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Stone Anchor Stocks from a Shipwreck at Pawikan (Investigator) Shoal, Palawan Philippines

Stone Anchor Stocks from a Shipwreck at Pawikan (Investigator) Shoal, Palawan



Featured Artifact: Stone anchor stocks from a shipwreck found in Pawikan Shoal, also known as Investigator Shoal, west of Palawan Island. 


An anchor is one of the most primitive man-made device used to secure a vessel at sea from being driven away by the wind or tide. Even before and during the Bronze Age (c. 2500 – 7750 BCE), ancient people have already utilized massive stones with holes that served as their anchors.

 

Illustration of the development of ancient anchors. (from G. Kapitan, 1984)
Illustration of the development of ancient anchors. (from G. Kapitan, 1984)


The classical anchors were made of wood – including the shank, the arms, and the crown. The wooden anchors were utilized with either lead or stone anchor stocks. Stone stocks were characterized by symmetrical shapes and, as a rule, by a very regular surface that is often smooth. Ancient literature have already noted the use of classical anchors during the 7th Century BCE with anchor stock. 


Features of stone-stocked anchors can be recognized from the pictures of ancient Greek, Apollonia Pontica coins from the 3rd – 2nd Century BCE. The coin features an anchor shank with two beams and arms fixed to an adjacent beam. 


Features of an ancient anchor resemblance in Greek, Apollonia Pontica coin.
Features of an ancient anchor resemblance in Greek, Apollonia Pontica coin.


Ancient anchors mostly compose of two flukes, a shank, and stock. It serves a double purpose, the first is to ensure that the anchor shall fall on the ground in such a position that one of the digging planes or palms will function as soon as the chain begins to drag along the ground. Another purpose is by lying flat on the ground, it keeps the palm set at the correct angle as it buries itself.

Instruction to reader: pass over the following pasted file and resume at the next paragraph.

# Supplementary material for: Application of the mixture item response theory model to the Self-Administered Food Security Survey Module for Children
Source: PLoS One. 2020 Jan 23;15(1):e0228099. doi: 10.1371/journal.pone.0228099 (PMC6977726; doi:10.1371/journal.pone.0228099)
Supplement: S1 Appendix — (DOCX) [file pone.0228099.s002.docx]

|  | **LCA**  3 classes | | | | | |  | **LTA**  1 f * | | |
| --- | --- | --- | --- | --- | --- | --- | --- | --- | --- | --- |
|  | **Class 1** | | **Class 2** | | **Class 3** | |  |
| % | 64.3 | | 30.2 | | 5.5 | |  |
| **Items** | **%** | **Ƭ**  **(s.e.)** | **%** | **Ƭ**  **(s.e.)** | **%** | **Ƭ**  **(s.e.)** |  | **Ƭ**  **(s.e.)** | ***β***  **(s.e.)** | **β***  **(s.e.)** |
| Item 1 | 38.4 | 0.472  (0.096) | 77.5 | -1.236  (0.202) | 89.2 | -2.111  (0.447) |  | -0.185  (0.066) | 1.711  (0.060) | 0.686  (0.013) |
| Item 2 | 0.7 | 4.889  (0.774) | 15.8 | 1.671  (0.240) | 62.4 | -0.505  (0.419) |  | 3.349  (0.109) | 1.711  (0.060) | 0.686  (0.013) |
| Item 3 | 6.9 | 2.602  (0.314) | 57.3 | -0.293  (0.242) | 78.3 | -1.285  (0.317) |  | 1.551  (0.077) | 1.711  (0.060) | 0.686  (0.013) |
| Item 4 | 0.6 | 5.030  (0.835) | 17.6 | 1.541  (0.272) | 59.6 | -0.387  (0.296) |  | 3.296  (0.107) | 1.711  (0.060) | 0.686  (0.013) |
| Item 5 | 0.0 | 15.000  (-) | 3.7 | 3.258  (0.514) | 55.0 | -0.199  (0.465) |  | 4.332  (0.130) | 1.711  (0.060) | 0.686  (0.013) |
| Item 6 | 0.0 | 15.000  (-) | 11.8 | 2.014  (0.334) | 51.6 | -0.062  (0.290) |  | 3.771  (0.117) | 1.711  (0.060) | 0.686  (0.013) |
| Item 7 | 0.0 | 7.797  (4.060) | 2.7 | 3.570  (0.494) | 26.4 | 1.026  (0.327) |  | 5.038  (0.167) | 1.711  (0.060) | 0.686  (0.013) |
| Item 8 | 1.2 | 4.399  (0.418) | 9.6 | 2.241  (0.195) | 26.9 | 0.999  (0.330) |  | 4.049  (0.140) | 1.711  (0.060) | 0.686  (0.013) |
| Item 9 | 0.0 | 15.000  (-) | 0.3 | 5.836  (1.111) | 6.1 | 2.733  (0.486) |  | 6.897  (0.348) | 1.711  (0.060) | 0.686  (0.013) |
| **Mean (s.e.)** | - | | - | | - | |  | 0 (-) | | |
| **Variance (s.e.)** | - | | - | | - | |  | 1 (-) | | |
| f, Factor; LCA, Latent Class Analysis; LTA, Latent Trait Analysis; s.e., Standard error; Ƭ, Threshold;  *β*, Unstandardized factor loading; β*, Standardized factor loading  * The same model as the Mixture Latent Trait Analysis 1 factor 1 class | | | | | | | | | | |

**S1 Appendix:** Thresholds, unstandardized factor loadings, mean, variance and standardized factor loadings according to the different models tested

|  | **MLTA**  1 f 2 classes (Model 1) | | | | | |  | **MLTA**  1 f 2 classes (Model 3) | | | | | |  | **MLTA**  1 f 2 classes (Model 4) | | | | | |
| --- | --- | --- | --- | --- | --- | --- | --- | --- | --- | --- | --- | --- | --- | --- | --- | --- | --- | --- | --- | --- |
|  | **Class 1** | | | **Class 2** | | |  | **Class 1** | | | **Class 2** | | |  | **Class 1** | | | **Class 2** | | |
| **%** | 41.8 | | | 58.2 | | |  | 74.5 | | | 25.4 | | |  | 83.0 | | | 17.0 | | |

Illustration on parts of an ancient wooden anchor with anchor stock. (from G. Kapitan 1984)
Illustration on parts of an ancient wooden anchor with anchor stock. (from G. Kapitan 1984)



In 1990 and 1991, the National Museum of the Philippines (NMP) in collaboration with World Wide First (WWF) and the Searover System Inc., conducted a shipwreck excavation at Pawikan (Investigator) Shoal, the southernmost atoll of the Kalayaan Group of Islands. The site lies on top of the shoal at a depth of 3 – 4 meters.  Information about the site came from a Filipino fisherman in 1989 who recovered about 200 pieces of Chinese ceramics. 


The site was extensively damaged from dynamite fishing or looting. The excavations recovered Chinese celadon and Qingbai ceramics in the form of cups, bowls, saucers, and plates as well as stonewares jars. 


The Chinese ceramics have been dated to the 13th century CE during the southern Sung dynasty period (1127-1279 CE). There were also glass beads, iron concretions, wood fragments, though no hull remains were found. One jar was filled with 54 kilograms of bronze rings hidden under a layer of tea.  Approximately 3,000 pieces of 10-cm diameter bronze rings were collected at the site. 


Among the significant artifacts found were two intact and a fragment of stone anchor stocks. These were approximately two (2) meters long and 40 centimeters wide. The body is more or less symmetrical and slightly tapered from the middle. It has a groove in the middle where a bobbin of a wooden anchor had been possibly gripped. These features were typical of an anchor stock used for wooden anchors in medieval Chinese merchant ships. Similar anchor stocks were found in Han Tiep, Vietnam, the Jepara shipwreck in Java, Indonesia and in a garden of a private house in the village of Uken, Japan. The anchor stocks date to the 12th – 13th centuries CE, indicating a vibrant maritime commercial network between China and East and Southeast Asian states. 


Archaeological study is very important in supporting accurate interpretation of past events, which helps in reconstructing our history. When a site is disturbed or pilfered, we lose information forever without the significant context to assist us in piecing together our story. This is much more valuable than the selfish individual’s monetary gain or enriching their personal collections. Our heritage and recounting its narrative through material culture benefits future generations and our aspirations as a nation. If you see or have knowledge of sites being looted, report to your local government authorities immediately or contact the closest NMP office near you.



Text and poster by Nero M. Austero | NMP MUCHD

©National Museum of the Philippines (2021)



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